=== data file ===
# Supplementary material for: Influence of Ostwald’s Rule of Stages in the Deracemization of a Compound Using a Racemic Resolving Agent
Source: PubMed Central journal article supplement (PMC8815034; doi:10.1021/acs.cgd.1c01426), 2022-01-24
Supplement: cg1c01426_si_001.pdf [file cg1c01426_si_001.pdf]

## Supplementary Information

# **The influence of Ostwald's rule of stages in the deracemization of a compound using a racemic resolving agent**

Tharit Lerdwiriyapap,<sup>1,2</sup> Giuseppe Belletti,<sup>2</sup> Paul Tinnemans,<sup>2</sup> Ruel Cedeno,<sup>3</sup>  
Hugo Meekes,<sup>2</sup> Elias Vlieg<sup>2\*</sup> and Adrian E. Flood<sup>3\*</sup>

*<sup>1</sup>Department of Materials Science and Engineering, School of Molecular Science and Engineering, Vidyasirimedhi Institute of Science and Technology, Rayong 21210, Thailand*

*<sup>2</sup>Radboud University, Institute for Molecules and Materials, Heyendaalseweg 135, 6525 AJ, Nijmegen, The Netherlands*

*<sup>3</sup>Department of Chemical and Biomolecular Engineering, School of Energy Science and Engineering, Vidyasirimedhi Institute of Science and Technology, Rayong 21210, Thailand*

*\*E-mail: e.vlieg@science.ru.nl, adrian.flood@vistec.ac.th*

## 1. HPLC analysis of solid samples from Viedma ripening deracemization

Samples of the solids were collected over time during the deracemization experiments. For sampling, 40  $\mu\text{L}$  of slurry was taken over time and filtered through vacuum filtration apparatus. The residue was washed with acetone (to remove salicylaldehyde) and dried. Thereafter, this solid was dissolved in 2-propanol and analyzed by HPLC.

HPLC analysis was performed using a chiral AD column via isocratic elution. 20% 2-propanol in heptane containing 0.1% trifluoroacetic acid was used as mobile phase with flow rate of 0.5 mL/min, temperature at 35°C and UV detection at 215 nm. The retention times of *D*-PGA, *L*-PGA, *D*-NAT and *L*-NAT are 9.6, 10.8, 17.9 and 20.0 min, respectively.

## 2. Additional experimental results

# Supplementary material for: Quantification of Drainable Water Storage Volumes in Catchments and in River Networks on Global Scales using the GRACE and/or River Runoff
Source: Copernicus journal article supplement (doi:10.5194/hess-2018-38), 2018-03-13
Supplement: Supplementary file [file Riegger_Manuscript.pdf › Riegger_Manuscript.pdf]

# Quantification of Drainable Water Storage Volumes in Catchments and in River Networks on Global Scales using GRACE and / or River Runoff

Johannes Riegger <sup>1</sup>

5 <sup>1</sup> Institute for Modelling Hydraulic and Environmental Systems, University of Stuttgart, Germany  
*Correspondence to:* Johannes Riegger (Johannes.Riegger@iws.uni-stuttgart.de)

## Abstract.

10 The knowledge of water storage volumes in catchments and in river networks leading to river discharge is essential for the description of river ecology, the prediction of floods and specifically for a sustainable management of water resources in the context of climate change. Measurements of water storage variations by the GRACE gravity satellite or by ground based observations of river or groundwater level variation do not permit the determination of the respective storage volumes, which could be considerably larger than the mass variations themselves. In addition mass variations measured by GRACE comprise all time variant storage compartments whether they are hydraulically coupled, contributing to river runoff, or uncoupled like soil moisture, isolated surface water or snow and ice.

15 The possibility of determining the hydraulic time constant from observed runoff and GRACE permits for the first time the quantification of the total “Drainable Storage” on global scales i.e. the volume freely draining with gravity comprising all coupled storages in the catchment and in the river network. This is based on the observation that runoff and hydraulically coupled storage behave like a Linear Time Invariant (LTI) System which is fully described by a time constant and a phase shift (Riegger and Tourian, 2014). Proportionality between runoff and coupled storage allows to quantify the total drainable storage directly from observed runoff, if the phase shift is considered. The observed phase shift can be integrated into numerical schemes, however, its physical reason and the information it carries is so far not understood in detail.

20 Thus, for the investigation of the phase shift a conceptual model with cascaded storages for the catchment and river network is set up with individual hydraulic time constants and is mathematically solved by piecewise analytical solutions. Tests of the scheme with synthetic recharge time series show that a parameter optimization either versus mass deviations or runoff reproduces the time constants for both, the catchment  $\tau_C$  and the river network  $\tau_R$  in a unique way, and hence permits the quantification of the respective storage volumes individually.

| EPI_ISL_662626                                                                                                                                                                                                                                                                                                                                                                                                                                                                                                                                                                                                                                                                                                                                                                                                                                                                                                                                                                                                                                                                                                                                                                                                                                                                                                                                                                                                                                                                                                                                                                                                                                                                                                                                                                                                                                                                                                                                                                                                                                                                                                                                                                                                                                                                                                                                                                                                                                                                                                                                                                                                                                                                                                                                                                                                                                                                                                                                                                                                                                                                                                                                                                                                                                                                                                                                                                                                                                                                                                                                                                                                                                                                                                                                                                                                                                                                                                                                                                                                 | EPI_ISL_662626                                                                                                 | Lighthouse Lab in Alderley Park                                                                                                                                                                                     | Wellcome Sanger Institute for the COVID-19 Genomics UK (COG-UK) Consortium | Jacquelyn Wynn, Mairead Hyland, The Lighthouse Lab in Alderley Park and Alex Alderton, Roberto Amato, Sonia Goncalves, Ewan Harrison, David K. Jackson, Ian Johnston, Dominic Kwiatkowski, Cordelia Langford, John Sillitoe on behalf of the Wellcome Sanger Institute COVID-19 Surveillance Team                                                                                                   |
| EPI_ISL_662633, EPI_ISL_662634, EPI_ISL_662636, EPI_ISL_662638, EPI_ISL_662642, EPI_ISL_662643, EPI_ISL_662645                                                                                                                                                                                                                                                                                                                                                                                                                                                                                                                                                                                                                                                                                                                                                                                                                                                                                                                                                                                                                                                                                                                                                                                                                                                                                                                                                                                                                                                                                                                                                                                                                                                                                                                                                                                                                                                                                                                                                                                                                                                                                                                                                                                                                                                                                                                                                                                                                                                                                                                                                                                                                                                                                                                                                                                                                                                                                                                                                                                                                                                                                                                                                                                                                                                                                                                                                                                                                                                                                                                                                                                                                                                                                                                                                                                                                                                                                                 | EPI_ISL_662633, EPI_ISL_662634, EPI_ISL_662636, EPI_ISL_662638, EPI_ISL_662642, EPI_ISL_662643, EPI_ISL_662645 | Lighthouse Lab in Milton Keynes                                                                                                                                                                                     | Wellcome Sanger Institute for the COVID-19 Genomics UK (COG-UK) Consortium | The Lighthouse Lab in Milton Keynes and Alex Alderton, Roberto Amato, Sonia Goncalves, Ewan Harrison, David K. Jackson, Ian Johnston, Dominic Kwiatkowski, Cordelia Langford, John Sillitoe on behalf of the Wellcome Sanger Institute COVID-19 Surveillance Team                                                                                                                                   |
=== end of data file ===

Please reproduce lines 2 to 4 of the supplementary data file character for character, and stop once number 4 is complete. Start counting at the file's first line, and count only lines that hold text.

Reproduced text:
Source: PubMed Central journal article supplement (PMC8815034; doi:10.1021/acs.cgd.1c01426), 2022-01-24
Supplement: cg1c01426_si_001.pdf [file cg1c01426_si_001.pdf]

## Supplementary Information